In elementary school science class, children learn that the food chain begins with photosynthesis in plants. The leafy organisms convert the energy of sunlight into energy and biomass. Herbivores then munch on the plants, and carnivores, in turn, eat those vegetarians. The whole process transfers that sunlight energy into biomass up the food chain. It seems pretty simple, right?
It turns out, an alternative food production process may actually play a more significant role in food webs than previously thought, scientists say, complicating the picture. In chemosynthesis, bacteria get their energy from chemicals in their environment – not from sunlight. And some of that energy may end up in the food on humans' plates too.
Researchers studying deep-sea vents saw animals deriving sustenance from these chemosynthetic bacteria but thought that the process was a bit of a dead end in shallower environments. But a new study of spiny lobsters living the shallow waters of the Bahamas found that they, too, have been tapping into a chemosynthetic food source.
The Caribbean spiny lobster, Panulirus argus, snacks on pretty much anything, study lead author Nicholas Higgs, a marine biologist at Plymouth University in Devon, England, tells The Christian Science Monitor in a phone interview. The crustaceans have been known to snack on snails, sea stars, sea cucumbers, algae, and even the occasional seahorse or sea sponge.
Lucinid clams, which are known to derive energy from a symbiotic relationship with chemosynthetic bacteria, also make it into these lobsters diet. So Dr. Higgs and his colleagues decided to investigate just how much of the lobsters' diet came from chemosynthetic production.
And it turns out the lobsters are getting about a fifth of their food from outside the traditional photosynthesis-based food chain, the researchers report in a paper published Thursday in the journal Current Biology.
Here's how it works: The lucinid clams live deep in the sediment beneath seagrass beds. The symbiotic bacteria that live in their gills converts chemical compounds in the those sediments into food for themselves and their hosts, the clams.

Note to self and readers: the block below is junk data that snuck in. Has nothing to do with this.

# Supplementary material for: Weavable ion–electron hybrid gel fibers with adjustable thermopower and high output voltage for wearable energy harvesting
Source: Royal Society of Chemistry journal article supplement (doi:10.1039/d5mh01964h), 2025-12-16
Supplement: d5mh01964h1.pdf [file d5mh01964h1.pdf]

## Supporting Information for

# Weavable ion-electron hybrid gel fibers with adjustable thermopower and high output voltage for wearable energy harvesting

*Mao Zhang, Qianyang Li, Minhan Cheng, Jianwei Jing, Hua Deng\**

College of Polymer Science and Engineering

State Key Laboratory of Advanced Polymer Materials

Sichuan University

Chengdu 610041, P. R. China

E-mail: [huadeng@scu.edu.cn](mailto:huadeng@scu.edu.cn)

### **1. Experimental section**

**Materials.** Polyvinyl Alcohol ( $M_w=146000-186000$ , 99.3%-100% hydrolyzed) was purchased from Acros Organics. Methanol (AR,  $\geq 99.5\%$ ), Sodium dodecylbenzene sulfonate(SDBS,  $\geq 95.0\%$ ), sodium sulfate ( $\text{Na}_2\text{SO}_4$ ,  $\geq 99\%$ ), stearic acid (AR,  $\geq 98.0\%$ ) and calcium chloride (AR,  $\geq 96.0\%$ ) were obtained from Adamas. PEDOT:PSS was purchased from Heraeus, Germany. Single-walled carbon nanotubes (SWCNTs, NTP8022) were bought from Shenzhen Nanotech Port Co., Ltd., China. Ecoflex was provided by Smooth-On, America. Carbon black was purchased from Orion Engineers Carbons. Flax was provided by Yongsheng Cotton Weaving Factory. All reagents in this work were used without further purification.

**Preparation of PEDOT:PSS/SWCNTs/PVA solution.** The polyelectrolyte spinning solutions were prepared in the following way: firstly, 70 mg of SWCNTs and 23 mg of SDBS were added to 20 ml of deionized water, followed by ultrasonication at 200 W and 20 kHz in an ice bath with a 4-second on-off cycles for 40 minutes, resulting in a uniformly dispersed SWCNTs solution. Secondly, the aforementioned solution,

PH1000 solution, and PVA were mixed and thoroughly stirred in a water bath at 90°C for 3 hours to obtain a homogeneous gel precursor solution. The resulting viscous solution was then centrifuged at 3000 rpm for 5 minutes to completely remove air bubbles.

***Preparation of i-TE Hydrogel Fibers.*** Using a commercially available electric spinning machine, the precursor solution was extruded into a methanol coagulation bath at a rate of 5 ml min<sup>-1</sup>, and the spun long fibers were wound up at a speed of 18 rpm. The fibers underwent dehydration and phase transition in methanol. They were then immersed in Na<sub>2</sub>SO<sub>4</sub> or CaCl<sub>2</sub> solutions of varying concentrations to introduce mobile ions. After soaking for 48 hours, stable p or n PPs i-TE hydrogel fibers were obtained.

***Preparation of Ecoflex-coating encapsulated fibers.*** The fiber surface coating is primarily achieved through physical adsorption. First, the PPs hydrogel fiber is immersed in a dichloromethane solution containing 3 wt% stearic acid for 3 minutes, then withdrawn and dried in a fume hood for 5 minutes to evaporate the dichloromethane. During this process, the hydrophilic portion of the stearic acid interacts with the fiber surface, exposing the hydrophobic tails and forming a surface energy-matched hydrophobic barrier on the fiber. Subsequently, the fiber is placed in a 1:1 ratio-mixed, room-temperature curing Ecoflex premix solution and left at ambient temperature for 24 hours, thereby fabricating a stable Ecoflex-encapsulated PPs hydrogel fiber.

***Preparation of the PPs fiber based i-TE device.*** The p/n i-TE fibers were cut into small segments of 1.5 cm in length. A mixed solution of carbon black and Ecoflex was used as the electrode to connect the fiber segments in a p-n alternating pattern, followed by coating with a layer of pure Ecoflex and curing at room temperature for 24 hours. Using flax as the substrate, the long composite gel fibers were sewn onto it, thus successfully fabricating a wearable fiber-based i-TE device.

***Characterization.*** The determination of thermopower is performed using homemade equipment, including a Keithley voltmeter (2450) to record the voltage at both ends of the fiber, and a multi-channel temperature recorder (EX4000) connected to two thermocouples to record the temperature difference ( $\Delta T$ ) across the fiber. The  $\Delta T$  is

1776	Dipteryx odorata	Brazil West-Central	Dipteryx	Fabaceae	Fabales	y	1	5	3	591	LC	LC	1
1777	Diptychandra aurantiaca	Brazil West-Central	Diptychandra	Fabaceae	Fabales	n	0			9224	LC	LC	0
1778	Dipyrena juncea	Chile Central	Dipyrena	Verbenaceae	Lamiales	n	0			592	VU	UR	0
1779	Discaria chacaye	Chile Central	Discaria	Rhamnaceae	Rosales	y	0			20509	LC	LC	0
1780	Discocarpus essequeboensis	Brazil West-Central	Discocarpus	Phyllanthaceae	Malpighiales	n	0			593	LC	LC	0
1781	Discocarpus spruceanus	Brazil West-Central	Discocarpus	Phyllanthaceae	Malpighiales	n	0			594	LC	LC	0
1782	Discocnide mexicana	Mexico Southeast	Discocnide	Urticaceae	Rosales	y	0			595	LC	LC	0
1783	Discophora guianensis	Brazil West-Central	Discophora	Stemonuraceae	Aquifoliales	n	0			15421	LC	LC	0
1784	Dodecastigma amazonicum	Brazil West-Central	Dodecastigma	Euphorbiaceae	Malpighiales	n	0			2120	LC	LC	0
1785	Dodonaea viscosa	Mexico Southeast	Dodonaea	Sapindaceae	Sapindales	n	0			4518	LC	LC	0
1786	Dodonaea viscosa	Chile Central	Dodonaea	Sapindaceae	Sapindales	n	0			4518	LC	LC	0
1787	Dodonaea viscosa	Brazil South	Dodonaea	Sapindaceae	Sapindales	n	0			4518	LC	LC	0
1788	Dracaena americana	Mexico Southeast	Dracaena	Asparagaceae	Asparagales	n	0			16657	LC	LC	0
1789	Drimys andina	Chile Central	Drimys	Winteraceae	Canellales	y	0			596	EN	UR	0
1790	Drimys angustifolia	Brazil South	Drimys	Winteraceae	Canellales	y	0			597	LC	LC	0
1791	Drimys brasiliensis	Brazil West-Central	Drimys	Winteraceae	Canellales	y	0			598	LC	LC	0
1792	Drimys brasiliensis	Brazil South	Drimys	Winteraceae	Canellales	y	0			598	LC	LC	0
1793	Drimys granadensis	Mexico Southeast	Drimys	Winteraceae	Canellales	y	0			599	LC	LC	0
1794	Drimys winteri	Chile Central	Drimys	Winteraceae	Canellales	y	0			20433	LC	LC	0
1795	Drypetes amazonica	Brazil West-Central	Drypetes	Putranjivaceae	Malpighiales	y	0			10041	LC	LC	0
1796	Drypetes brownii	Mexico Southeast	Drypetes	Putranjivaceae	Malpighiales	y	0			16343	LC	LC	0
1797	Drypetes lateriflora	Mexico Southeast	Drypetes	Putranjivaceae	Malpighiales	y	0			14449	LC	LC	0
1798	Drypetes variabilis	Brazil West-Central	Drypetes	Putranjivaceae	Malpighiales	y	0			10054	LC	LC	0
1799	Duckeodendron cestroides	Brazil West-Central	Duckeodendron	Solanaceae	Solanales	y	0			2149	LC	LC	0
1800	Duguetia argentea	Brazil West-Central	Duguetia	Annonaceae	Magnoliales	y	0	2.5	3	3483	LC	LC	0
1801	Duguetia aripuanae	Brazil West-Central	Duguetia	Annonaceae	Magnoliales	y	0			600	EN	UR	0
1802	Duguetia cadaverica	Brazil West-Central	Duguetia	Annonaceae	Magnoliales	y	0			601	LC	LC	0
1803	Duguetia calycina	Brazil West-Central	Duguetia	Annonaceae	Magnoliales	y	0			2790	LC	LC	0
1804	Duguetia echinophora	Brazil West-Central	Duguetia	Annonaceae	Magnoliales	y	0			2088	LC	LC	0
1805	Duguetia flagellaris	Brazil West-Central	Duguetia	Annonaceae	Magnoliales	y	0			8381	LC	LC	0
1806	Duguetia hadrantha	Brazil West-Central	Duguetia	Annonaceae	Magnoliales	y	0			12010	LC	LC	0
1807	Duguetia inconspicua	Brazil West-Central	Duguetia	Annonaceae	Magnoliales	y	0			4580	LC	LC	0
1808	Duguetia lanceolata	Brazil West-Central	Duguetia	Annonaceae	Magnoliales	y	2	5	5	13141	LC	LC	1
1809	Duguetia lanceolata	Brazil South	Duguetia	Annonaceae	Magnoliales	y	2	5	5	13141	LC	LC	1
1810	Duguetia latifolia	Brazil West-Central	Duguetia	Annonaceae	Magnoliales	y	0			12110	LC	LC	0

Higgs isn't quite sure how the lobsters get to these clams, as the lobsters live on the seafloor and the clams live about half a foot below it, but they do. And when they crack open the clams' shells, they tap into this extra source of food that wouldn't exist if it weren't for chemosynthesis.
Then along come fishermen that collect the lobsters, which generate over $450 million each year, and humans get some of this chemosynthetic-based energy too.
"They're ultimately adding food into the food chain," Higgs says.
Higgs and his colleagues examined the tissues of the lobster to look for stable isotope signatures of these lucinid clams to determine just how much the crustaceans were eating. In the process, they found that another animal may also be munching on the chemosynthesis-fed clams: moon snails.
"We only sampled a handful of them because we were mainly just looking at them as a food source for the lobsters, which they definitely are," Higgs says, "but when we ran the chemical analysis, some of these moon snails had a chemical signature that completely overlapped with the chemosynthetic clams."
More research will be needed to figure out if the snails are actually eating the clams, he says, but bore holes in the clams' shells that match the snails' predation style corroborate that story.
The Bahamas aren't the only place where the lucinid clams introduce extra food into the food chain. Research in Mauritania suggests that birds overwintering in the region also munch on these clams, making it so the region can support more birds than would be expected if the food web was only based in photosynthesis.
Chemosynthesis isn't an entirely separate process from photosynthesis, notes Robert Carney, a deep sea ecologist at Louisiana State University whose own research has focused on chemosynthetic systems but who was not part of this research. The chemicals in the sediments that the bacteria use come from plant material that is rotting, in this case the seagrass growing in the sands above where the lucinid clams live.
"So the energy actually traces back to photosynthesis," he tells the Monitor.
These findings probably won't change anything for the lobster fisheries in the Bahamas, Higgs says. The fishermen have always known that placing artificial shelters to mimic the lobsters' preferred reef habitat in the seagrass beds increased their yield, he says. "What this shows is that the reason that's the case is that these clams are particularly associated with the seagrass."
But, Higgs adds, it's exciting to learn something new about the Caribbean spiny lobster because the species has been thoroughly studied in the past. It shows "there's always new things to find out even when you think it's all been done."